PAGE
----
Fish swimming in a tank with some water plants

How to Cycle a Fish Tank

Whether you’ve just gotten yourself a vibrant betta fish or some other fish, you need to cycle the fish tank to keep the water safe and healthy.

What Does Cycling a Fish Tank Mean?

This might be the first time you’re hearing about the concept of cycling a fish tank. It simply refers to filtering the water to remove the toxins dispelled by the fish. The process involves encouraging the growth of bacteria, which will digest excreted ammonia and turn into nitrite. Since these nitrites are toxic, the next step is to filter them in order to convert them into nitrates, which are not harmful for your fish. Even so, these nitrates will kill your fish’s appetite so you will still need to clean the water out at regular intervals.

How to Cycle a Fish Tank

This method is simple and suitable for beginners.

Step 1: Ammonia Production

Your tank won’t have any fish at this point so you will have to find an alternative way to introduce ammonia in the water. Add fish food flakes to the tank every 12 hours. Over time, they will decay and release ammonia.

Get the appropriate testing equipment from a local pet store. Check the ammonia levels every few days to ensure that the ammonia level reaches 3 ppm (parts per million). If you’re not there yet, add more of the flakes and wait. Keep this up for around 7 days.

Step 2: Nitrite Test

Use the right tool from your test kit to check the nitrite level in the tank. Once your kit picks up the presence of nitrites, the nitrogen cycle of your tank has started. Add more ammonia.

Step 3: Nitrate Test

After a few weeks, you’ll notice a drop in nitrite levels. Once this starts happening, start testing for nitrates. Once your ammonia and nitrite levels are zero, your cycle is complete.

Step 4: Bringing Your Fish Home

Gradually start adding your fish. Add a few and wait a few days before adding more.

Performing the Cycle with Fish in the Tank

This is an emergency method of cycling your fish tank. If you don’t have anywhere to keep your fish and you got them without cycling your tank, you’ll have to resort to this. Just remember that some of your fish may die in the process.

Step 1: Introduce Resilient Fish to Your Tank

Add fish which excrete more waste. They should also have a strong immune system to survive the excess levels of ammonia and nitrites until the water starts encouraging the growth of beneficial bacteria.

Don’t add more than 1 or 2 fish for every 10 gallons. Too many fish will increase the ammonia content and kill your fish in the early stages. Some contenders include Minnows, Guppies, Tetras, White Clouds and so on.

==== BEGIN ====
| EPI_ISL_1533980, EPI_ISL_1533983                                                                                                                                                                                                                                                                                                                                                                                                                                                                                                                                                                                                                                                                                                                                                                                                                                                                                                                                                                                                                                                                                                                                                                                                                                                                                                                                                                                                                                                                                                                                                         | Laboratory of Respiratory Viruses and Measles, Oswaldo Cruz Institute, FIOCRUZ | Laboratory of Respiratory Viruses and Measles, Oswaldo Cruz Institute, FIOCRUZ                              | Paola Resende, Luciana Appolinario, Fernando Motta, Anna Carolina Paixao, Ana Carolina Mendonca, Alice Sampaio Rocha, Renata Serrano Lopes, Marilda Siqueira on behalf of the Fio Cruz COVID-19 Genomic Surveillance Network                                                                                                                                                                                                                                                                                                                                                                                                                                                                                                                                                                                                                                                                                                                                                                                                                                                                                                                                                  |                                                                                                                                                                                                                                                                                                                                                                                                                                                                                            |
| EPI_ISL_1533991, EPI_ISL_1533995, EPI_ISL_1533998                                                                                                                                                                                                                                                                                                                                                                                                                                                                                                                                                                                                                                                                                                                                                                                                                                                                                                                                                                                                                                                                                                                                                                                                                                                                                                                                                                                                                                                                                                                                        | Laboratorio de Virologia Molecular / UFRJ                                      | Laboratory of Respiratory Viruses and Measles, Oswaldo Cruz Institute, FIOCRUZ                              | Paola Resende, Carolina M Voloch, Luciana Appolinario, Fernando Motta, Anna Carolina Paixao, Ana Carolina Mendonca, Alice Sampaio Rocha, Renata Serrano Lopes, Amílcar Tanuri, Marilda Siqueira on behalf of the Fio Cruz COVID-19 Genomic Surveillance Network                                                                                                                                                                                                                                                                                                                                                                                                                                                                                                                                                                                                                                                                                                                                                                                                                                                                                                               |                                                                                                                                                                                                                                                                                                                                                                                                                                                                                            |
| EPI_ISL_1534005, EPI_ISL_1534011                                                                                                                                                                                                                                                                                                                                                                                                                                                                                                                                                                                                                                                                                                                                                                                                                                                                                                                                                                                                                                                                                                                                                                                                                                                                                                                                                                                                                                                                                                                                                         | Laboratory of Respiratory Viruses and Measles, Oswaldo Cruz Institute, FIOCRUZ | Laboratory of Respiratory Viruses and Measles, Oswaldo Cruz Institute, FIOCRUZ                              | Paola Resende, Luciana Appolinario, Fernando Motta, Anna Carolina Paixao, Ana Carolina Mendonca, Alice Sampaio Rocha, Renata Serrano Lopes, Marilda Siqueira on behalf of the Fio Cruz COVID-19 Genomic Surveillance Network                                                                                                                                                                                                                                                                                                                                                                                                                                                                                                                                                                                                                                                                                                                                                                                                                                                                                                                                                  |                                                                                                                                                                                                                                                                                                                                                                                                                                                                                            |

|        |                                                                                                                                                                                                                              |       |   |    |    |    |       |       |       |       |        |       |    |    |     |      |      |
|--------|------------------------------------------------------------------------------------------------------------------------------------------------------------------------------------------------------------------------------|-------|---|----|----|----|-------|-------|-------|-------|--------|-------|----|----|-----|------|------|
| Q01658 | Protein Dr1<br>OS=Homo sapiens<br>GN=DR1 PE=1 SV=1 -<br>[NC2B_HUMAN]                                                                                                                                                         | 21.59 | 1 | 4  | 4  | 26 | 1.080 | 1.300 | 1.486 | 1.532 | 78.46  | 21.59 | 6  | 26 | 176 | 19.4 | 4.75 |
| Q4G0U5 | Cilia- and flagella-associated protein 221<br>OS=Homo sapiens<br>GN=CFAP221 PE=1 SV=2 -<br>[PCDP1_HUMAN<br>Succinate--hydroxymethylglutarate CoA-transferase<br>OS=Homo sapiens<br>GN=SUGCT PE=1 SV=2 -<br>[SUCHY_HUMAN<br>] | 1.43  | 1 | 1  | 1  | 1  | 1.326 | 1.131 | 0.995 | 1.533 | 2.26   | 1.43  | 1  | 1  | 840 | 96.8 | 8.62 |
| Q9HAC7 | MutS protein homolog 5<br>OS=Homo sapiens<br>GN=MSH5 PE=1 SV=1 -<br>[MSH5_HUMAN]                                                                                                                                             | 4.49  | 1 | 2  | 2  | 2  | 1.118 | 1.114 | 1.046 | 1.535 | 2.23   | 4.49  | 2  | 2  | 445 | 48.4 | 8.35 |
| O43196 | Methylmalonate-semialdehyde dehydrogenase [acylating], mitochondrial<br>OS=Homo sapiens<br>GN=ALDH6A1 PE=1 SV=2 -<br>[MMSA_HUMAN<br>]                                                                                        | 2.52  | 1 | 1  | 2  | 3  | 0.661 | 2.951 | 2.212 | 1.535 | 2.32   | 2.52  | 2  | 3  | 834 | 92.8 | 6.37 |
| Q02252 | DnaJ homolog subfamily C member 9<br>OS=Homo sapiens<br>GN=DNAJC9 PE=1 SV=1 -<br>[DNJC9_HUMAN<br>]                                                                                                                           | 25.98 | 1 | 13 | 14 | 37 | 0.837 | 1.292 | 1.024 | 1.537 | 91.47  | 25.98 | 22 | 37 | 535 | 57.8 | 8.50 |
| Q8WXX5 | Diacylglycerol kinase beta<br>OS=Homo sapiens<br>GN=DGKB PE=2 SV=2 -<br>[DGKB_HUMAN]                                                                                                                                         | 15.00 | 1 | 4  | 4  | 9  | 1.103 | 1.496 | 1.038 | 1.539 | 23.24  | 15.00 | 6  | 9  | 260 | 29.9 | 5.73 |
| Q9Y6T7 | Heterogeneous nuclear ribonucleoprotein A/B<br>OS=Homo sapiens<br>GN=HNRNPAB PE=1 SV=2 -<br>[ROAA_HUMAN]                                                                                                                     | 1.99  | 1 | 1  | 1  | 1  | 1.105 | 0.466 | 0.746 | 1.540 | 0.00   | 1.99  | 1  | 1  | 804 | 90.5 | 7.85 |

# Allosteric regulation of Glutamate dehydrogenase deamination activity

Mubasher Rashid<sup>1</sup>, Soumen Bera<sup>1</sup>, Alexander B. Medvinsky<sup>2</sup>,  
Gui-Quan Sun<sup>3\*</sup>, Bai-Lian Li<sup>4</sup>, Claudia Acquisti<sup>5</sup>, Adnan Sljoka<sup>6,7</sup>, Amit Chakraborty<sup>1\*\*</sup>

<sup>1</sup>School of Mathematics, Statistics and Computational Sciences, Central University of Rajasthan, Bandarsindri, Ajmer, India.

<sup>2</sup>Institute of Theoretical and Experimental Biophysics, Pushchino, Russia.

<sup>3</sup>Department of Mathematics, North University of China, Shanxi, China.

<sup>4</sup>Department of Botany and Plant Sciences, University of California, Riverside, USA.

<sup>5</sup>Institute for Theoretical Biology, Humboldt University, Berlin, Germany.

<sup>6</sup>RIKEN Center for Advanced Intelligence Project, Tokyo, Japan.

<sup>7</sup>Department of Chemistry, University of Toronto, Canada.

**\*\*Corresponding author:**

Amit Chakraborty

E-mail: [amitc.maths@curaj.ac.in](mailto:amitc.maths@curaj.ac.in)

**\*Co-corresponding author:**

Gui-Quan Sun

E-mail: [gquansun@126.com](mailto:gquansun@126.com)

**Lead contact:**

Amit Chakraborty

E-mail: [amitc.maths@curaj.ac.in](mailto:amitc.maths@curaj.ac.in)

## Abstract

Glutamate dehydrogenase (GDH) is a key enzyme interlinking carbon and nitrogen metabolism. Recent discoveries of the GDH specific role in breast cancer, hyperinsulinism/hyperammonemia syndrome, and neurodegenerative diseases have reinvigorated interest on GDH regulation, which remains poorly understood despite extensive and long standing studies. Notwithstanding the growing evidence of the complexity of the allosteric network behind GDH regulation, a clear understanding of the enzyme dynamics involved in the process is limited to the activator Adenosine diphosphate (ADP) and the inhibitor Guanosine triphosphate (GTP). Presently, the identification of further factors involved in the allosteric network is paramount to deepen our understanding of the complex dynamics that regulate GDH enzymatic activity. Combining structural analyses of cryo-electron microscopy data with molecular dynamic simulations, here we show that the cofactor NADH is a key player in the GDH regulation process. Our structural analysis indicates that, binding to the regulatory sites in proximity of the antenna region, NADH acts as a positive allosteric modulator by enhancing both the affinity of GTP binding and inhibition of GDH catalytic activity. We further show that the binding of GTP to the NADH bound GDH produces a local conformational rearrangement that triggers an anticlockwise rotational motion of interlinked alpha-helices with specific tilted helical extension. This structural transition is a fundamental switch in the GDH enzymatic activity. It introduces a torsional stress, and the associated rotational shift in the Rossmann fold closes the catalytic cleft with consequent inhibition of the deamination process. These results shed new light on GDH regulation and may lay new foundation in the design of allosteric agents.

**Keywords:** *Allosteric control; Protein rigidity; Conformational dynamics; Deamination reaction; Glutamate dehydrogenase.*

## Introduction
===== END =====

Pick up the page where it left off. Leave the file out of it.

Step 2: Feed Your Fish

Provide decent sized meals to your fish every two days. Overfeeding will increase the toxicity of the ammonia before the beneficial bacteria has had the time to grow.

Step 3: Changing the Water

Change the water around once a day to avoid excess build-up of toxins from the ammonia. Don’t clean it too much or you’ll get rid of too much of the ammonia and nitrite and the bacteria won’t have anything to feed off and grow.

Add a de-chlorinator if necessary to keep the water free from chlorine.

Step 4: Checking the Water

This step is the same as the testing section of the fish-free cycling process. Once the ammonia and nitrite levels are at zero, the water is safe for your fish. You can add more fish now if you like. Don’t add too many or you risk increasing the ammonia levels again and the cycle will have to be repeated.

Shortcuts for Cycling Your Fish Tank

If you don’t have the time or are unsure of how to complete the entire cycling process, there are some alternate routes:

  • Use a media filter from an already cycled tank to cleanse and nourish the water.
  • Get some gravel from a filtered tank and put it in a mesh bag. Suspend it in your tank and the cycle will start on its own.
  • Add live plants to your tank. Not only will they kill the toxins, but they’ll also release nutrients that can help your fish thrive.


Don’t use items from a cycled tank if you are aware of any harmful bacteria present in it. The transfer of these to the new tank will almost certainly kill your fish before the cycle even begins.

Troubleshoot for Failed Cycling Attempts

If you’ve cycled your fish tank and you still notice the ammonia levels rising or your fish are dying, here is what could have potentially gone wrong:

  • If you’re cycling with the fish in the water, chances are the fish are not strong enough to withstand the high levels of ammonia. If your fish look tired, aren’t eating or look like they’re in pain, the ammonia levels are too high and the water in the tank needs to be changed. Again, it is advisable to perform a fish-less cycle in your tank.
  • If it’s been a few days and things aren’t moving forward, either your test kit isn’t working or there isn’t enough ammonia in the water. You’ve either added very little fish food or you’re cleaning your tank out too much.
  • Chlorinated water prevents the cycling from happening. Check for the presence of chlorine and make use of a de-chlorinator before starting the cycling process.
  • Cycling often encourages the growth of algae. Turn the lights in the aquarium for a few hours to stunt the growth of algae. You can also try and inject carbon dioxide in the water to prevent algae bloom.

The Cycle That Never Ends

The nitrogen cycle is necessary to help your fish thrive. It’s necessary to complete the cycle before getting new fish, but even after you’re done, you’ll need to keep an eye on the ammonia, nitrate and nitrite levels in the tank to ensure that everything is in balance and that your fish are happy.

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